News | March 27, 2019

Maryland launches new urban mobility-focused program in Capital Region

MDOT SHA to lower speed limit, narrow lane widths and upgrade crosswalks in central business districts

reduced speed limit; urban mobility; traffic safety; pedestrian safety

The Maryland DOT State Highway Administration (MDOT SHA) is reducing speed limits on MD 97 (Georgia Avenue) in Wheaton and Silver Spring, Montgomery County, this week.

 

The changes are part of MDOT SHA’s bold new comprehensive urban mobility-focused program tailored to central business districts with dense populations and multimodal transportation demands. MDOT SHA continues to identify locations within urban areas in Montgomery and Prince George’s counties for speed limit reduction, narrowed lane widths and upgraded crosswalks.

 

The goal of the speed limit reductions on MD 97 and other roads in the National Capital Region is to significantly enhance pedestrian safety in some of the busiest areas of the state.

 

As an active partner with local government officials, enforcement agencies and advocacy groups, MDOT SHA has initiated a comprehensive strategy to address pedestrian and bicyclist safety on MD 97 and similar urban roadways. The speed limit reductions are part of other major pedestrian and bicycle initiatives, including narrower lane widths. On MD 97 between south of I-495 (Capital Beltway) and north of the Wheaton Triangle, lane widths were reduced from 12 ft to 10 ft. The narrowed widths influence slow traffic speeds and add additional buffer space to protect pedestrians and bicyclists.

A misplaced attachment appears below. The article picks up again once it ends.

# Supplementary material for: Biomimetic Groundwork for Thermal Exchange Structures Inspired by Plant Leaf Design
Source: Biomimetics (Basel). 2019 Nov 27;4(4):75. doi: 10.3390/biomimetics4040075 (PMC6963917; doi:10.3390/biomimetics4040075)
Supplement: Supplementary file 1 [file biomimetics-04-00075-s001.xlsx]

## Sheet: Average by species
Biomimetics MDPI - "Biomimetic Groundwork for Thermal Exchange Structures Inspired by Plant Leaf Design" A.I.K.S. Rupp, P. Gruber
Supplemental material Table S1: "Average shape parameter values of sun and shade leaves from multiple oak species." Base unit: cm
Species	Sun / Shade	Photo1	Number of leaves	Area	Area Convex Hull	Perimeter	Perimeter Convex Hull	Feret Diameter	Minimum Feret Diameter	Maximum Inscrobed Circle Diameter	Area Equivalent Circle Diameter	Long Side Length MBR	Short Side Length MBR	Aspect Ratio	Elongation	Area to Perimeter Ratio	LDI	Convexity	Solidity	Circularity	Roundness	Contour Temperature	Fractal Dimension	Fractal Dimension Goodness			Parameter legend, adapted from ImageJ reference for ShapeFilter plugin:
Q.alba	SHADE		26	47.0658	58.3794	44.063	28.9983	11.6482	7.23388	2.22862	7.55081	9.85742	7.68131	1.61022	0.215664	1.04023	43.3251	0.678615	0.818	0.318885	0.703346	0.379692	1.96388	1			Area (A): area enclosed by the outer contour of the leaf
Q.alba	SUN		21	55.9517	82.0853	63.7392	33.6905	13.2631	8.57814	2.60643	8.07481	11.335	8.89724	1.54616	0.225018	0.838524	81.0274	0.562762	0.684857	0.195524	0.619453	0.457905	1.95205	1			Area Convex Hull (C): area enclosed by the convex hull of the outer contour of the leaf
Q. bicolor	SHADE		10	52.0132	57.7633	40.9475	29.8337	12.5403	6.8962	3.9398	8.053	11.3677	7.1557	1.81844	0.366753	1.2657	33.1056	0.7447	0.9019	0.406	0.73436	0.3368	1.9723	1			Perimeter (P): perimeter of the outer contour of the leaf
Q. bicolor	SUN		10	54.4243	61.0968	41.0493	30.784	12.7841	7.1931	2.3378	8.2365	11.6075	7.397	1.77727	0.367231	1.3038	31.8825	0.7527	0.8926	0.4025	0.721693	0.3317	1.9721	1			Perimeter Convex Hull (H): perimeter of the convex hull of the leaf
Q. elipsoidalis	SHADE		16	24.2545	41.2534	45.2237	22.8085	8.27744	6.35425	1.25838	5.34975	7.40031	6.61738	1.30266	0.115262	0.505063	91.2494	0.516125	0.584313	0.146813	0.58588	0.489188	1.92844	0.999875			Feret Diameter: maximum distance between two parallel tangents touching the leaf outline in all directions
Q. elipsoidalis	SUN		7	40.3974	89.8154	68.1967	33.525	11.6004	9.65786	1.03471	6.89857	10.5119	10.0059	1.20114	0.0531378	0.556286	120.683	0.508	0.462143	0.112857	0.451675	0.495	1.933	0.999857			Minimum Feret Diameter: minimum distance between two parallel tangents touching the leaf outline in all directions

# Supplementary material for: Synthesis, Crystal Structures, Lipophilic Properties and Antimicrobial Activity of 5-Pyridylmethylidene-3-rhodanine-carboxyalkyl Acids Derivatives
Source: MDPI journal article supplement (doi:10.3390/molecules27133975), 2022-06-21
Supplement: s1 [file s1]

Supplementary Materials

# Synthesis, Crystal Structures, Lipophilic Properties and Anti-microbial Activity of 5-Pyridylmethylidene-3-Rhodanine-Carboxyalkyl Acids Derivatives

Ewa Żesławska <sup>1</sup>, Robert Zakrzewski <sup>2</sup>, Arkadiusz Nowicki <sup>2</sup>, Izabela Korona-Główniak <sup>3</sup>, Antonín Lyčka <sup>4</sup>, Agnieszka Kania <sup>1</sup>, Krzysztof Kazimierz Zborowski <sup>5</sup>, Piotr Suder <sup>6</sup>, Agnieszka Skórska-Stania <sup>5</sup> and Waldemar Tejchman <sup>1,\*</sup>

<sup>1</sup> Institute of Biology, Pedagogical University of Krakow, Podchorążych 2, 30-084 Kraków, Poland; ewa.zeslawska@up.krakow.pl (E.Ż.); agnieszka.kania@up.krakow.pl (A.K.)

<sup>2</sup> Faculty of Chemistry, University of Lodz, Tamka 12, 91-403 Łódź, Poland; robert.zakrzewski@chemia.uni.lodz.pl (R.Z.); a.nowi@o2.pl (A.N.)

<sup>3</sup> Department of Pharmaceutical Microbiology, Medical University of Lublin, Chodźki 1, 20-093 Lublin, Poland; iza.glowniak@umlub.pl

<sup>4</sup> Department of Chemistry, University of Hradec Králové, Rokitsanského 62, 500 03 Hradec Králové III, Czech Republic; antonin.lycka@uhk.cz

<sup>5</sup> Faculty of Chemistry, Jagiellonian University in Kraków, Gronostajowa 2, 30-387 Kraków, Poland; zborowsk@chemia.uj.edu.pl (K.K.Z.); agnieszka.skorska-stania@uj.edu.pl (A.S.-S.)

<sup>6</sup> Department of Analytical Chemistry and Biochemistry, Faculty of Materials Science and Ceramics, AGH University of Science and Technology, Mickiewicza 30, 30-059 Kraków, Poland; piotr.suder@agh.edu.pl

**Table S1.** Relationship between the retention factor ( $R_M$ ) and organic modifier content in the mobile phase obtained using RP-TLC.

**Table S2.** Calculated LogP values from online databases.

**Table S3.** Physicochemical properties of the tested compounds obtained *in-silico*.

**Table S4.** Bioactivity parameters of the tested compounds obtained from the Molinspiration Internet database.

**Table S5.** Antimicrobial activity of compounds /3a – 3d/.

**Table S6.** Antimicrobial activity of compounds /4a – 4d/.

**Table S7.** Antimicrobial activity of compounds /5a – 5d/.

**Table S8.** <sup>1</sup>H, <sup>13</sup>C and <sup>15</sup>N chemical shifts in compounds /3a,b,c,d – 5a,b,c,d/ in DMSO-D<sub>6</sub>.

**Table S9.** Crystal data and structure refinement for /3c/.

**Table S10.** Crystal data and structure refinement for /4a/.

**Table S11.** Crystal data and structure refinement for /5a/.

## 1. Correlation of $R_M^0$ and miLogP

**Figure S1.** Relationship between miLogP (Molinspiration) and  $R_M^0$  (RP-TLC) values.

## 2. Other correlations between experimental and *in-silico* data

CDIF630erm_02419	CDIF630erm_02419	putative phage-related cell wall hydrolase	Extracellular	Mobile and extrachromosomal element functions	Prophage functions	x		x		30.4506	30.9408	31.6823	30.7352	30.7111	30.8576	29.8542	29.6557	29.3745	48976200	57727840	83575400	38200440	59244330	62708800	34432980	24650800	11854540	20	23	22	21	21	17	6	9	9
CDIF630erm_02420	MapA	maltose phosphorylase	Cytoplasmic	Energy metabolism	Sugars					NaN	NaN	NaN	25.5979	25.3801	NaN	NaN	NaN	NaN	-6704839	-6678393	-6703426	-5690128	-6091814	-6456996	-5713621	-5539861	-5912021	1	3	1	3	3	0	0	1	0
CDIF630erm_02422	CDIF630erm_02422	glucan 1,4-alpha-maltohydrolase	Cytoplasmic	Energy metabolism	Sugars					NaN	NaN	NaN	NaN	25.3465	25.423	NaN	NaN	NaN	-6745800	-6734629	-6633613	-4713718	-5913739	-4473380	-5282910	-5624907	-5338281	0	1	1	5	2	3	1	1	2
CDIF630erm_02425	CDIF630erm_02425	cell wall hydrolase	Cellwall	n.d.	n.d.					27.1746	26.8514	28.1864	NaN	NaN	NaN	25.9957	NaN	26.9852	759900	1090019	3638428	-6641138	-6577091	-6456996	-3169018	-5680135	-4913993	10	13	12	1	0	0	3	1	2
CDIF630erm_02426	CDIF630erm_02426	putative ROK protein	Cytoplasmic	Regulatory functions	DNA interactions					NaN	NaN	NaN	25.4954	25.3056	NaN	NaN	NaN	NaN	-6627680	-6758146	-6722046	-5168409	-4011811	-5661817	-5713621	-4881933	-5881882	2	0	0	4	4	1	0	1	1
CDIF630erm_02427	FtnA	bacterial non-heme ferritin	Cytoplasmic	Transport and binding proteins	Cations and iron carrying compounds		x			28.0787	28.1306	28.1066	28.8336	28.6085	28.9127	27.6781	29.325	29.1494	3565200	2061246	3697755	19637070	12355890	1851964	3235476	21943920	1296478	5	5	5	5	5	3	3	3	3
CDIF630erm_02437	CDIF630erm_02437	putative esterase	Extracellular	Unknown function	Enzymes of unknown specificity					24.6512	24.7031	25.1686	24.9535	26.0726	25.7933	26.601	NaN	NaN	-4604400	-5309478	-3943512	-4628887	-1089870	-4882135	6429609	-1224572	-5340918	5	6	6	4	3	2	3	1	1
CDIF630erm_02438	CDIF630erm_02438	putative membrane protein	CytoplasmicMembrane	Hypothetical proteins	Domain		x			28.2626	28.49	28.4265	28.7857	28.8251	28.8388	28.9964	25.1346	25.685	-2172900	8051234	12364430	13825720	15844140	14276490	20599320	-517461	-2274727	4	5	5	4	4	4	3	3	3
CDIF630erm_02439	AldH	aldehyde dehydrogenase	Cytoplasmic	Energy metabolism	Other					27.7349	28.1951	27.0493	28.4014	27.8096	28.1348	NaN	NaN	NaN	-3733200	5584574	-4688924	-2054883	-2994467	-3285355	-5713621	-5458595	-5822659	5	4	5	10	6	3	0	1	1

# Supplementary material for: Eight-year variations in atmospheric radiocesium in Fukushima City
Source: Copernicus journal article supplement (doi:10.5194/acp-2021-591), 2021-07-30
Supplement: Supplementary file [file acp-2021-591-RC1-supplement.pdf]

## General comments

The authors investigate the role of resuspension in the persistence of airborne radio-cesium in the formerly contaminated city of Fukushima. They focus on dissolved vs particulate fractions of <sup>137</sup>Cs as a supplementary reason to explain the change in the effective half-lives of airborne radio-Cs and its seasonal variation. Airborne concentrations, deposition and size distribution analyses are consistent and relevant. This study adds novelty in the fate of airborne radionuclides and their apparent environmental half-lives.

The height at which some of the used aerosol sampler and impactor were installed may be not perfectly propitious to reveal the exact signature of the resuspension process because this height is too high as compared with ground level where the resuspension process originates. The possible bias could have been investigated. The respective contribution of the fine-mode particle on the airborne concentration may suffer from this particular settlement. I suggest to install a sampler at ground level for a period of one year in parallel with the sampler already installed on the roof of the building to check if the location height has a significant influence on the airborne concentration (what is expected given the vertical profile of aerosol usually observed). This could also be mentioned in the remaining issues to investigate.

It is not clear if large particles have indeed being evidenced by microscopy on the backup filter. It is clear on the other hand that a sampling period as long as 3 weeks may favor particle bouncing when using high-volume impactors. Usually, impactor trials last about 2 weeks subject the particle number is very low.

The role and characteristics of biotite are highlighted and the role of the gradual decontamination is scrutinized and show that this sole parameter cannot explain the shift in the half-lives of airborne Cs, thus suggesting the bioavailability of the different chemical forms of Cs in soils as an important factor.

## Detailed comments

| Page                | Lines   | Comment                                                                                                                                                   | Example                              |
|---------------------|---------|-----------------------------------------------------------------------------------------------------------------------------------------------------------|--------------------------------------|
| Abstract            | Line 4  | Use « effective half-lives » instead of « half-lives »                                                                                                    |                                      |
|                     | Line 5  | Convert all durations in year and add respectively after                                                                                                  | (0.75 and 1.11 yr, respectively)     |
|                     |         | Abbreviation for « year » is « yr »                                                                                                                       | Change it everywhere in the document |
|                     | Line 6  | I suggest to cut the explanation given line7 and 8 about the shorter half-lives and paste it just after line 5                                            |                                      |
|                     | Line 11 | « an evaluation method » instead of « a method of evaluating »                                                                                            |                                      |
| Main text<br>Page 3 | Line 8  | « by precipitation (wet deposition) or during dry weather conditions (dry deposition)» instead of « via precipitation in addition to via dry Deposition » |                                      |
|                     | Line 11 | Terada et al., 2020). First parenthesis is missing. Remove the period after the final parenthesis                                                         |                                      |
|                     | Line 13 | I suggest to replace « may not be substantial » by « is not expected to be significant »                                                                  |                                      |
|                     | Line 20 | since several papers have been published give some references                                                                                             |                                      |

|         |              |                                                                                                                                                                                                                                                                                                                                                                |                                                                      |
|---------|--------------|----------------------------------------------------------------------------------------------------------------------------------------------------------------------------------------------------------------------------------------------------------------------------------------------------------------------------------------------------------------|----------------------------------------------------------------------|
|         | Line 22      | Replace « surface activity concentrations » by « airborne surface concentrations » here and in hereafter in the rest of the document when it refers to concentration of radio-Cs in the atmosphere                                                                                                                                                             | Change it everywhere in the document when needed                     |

Speed limits have already been reduced on MD 190 and MD 187 in Montgomery County. Additional improvements are planned this year along MD 410 and MD 188 in Montgomery County, and MD 210, MD 410 and US 1 in Prince George’s County. 

 

In addition to the speed limit reductions, this spring MDOT SHA crews will upgrade to high-visible continental crosswalks (crosswalks with vertical bars) within the Wheaton Triangle, which will improve safety for drivers, bicyclists, and pedestrians. The agency also will adjust traffic signal timing within the Wheaton Triangle. 

 

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Source: Maryland DOT State Highway Administration

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